The second clue to the date of Obadiah's prophecy is the place of the book in the Hebrew canon. The Minor Prophets are called "minor," of course, because they are shorter than the Major Prophets.[9] The Jews put all 12 of the Minor Prophets on one scroll, for convenience sake and to keep them from getting lost. The order in which they appear in the Hebrew Bible is basically chronological, and this order continued in later translations of the Old Testament, including English translations. This would lead us to conclude that the ancient Jews regarded Obadiah as one of the earlier prophetical books.

 

The order is not completely chronological. Hosea seems to have been put first because it is the longest of the pre-exilic Minor Prophets. The recurrence of similar themes and or words, also appears to have influenced the order, since Joel, rather than Amos, the second longest pre-exilic minor prophet, follows Hosea. Allen suggested that Obadiah may follow Amos because it "may have been viewed as a virtual commentary on Amos 9:12."[10] Stuart suggested that Obadiah follows Amos because Obadiah used the name Adonai Yahweh (v. 1), a rare name for God in the prophets, that Amos also used.[11]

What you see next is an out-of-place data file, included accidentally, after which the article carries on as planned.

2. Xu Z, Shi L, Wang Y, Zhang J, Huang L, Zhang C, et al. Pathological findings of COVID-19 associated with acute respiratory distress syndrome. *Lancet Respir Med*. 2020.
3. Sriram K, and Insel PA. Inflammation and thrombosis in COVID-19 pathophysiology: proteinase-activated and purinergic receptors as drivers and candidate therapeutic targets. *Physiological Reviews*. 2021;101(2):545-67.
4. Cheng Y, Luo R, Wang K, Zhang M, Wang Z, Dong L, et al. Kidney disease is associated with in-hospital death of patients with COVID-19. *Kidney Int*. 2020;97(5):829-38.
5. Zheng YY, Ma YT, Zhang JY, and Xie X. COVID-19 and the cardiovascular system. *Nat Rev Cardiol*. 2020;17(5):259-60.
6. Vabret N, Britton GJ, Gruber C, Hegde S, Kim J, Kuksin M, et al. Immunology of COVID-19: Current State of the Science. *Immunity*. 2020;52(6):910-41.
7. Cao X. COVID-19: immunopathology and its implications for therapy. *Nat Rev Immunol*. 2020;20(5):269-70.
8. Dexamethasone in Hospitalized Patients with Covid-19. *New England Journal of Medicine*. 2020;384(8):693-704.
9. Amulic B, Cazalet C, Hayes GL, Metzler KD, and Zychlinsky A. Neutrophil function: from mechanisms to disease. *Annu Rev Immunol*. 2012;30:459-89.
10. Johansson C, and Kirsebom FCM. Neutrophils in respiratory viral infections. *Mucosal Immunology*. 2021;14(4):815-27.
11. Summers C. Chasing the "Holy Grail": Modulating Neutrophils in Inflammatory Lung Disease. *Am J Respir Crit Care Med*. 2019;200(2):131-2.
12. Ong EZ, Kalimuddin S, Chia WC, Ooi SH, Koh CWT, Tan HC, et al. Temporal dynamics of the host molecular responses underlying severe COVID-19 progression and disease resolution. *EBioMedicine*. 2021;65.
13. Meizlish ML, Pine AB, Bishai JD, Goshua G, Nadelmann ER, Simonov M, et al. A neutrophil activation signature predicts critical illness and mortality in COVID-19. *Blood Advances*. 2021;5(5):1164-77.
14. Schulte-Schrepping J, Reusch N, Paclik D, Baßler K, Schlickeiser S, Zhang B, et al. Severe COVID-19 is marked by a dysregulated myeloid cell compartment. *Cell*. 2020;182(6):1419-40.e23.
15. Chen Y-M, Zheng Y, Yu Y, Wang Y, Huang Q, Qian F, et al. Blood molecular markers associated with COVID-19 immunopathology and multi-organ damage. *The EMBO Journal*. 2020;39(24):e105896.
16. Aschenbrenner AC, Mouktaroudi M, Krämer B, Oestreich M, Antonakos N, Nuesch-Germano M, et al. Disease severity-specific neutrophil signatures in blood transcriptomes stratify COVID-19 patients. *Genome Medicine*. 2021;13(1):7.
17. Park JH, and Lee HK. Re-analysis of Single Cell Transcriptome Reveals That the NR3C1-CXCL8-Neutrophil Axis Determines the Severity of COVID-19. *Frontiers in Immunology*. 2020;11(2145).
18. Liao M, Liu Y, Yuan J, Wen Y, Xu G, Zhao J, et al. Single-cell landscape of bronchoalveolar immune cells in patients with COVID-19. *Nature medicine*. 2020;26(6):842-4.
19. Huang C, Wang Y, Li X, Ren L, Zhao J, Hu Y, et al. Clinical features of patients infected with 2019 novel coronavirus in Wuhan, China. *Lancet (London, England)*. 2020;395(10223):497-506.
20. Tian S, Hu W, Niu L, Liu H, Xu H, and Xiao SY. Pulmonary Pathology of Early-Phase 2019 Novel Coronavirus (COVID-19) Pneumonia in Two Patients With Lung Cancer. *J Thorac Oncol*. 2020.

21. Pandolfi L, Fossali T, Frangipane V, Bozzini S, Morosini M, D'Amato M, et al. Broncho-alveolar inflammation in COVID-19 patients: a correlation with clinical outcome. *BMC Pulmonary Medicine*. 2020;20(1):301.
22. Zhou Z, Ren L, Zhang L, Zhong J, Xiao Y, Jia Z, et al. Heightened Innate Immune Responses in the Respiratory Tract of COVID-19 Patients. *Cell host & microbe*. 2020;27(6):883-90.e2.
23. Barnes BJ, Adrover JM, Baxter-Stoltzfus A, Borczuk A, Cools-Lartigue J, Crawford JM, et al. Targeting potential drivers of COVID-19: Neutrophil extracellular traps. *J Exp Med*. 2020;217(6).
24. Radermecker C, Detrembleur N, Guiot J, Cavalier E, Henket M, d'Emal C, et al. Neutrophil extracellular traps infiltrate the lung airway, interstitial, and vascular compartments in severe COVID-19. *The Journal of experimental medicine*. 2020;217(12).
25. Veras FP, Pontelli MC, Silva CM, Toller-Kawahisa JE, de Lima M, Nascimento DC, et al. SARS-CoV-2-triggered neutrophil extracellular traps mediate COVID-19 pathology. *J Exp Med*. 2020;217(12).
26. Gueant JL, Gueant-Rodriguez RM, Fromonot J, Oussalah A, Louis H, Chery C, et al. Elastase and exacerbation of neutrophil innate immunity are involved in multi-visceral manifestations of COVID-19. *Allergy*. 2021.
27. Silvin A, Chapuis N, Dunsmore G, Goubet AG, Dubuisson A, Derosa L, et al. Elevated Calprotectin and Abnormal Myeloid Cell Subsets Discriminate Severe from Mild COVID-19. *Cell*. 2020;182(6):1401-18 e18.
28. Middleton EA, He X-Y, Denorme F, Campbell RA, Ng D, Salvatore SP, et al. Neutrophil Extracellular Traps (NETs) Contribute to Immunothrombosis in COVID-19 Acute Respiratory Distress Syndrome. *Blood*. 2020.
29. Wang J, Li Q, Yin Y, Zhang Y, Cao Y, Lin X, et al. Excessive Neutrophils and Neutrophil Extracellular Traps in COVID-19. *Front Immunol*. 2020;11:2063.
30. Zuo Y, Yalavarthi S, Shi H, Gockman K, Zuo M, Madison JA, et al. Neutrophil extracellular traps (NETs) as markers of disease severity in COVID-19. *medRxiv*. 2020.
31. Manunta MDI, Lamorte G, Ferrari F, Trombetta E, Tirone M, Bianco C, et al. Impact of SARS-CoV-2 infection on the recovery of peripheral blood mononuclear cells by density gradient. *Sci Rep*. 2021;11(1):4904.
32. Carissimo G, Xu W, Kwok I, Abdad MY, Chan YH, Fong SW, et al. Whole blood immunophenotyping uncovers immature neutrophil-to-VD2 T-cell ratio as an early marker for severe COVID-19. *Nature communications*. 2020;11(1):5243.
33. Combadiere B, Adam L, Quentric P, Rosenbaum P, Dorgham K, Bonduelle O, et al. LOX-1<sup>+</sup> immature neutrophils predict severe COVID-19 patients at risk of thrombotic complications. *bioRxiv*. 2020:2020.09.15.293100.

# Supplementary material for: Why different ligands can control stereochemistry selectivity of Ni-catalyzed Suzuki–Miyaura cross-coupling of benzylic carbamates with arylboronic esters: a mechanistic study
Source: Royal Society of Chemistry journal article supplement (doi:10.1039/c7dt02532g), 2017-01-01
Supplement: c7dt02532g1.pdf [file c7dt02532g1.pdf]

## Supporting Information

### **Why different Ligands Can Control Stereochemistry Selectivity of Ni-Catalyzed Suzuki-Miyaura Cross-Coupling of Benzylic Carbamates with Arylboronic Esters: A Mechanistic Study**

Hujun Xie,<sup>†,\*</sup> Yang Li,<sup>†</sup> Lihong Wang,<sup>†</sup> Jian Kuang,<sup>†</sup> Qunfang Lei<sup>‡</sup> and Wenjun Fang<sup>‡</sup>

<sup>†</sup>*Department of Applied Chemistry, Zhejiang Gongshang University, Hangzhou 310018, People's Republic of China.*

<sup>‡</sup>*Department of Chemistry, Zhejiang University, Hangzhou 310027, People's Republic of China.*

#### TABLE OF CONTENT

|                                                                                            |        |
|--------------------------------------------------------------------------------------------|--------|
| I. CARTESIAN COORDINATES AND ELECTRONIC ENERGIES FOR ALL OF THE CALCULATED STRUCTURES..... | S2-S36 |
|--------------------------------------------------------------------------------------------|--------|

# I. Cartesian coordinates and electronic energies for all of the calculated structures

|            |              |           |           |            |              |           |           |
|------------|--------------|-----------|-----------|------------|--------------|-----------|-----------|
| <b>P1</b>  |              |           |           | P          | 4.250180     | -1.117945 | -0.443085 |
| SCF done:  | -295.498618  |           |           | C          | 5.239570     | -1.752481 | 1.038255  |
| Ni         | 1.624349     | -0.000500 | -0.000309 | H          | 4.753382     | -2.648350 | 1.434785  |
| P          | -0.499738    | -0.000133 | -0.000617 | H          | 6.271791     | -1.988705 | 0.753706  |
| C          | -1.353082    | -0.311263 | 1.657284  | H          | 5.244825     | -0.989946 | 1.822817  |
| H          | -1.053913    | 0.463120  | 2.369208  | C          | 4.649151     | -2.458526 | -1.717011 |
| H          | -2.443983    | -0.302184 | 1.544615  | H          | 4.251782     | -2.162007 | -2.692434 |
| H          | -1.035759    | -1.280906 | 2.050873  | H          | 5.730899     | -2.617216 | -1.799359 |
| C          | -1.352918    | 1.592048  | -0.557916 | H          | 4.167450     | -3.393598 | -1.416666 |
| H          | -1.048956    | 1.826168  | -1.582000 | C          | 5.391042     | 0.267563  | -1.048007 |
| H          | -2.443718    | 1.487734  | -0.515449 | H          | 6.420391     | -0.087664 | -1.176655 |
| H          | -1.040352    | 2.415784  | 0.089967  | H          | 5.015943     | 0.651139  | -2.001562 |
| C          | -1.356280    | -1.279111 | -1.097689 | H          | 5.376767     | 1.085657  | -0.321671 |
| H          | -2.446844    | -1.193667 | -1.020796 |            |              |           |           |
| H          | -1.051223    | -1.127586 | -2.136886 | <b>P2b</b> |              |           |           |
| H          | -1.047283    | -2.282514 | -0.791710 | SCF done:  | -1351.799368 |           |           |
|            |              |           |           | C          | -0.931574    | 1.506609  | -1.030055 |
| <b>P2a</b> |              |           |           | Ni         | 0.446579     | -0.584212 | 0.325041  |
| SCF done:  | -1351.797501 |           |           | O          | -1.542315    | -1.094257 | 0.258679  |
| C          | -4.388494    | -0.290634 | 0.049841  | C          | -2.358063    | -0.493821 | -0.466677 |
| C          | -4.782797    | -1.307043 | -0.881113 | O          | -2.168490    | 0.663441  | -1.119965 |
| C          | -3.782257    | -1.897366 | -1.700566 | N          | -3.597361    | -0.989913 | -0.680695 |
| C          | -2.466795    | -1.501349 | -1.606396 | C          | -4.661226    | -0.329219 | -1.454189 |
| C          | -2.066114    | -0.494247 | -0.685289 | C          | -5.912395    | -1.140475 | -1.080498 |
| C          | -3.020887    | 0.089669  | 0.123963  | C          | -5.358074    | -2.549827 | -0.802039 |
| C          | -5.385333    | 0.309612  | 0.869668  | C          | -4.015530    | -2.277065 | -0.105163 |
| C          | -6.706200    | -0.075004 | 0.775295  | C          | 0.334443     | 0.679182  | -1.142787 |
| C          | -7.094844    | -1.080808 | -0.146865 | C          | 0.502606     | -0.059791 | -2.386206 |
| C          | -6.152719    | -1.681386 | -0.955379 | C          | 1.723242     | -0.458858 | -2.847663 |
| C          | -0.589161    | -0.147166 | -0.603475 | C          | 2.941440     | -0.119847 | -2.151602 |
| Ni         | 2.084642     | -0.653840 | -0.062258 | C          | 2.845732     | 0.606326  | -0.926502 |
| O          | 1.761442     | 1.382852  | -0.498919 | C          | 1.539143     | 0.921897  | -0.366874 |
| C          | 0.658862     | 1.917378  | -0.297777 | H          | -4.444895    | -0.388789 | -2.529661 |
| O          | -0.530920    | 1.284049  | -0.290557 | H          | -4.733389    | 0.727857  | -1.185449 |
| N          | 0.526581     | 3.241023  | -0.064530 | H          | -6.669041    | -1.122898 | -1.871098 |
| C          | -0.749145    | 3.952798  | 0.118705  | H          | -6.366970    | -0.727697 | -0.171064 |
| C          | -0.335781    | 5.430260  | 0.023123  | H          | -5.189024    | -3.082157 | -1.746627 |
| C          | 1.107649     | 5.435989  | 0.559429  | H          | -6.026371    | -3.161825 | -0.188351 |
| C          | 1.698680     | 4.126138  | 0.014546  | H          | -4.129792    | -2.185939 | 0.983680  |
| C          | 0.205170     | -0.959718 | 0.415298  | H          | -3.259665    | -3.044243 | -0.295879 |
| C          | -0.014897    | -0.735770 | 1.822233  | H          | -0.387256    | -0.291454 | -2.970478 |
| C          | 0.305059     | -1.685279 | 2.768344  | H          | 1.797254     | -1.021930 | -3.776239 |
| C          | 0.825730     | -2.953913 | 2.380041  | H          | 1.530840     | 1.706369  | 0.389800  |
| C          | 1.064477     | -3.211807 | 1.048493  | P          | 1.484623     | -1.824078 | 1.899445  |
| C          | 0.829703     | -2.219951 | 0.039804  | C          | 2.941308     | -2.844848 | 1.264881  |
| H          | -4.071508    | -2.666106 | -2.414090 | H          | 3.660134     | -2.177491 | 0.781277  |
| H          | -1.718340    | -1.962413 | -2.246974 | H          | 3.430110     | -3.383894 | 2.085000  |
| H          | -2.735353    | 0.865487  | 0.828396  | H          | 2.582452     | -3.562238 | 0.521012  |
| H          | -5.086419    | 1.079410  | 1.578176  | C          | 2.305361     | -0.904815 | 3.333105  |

"In the arrangement of The Twelve in the Hebrew Bible the chronological principle which seems to have determined the over-all order was as follows: (1) the prophets of the Assyrian period were placed first (Hosea to Nahum); (2) then followed those of the Babylonian period (Habakkuk and Zephaniah); (3) the series closed with the three prophets of the Persian period after the exile (Haggai, Zechariah and Malachi)."[12]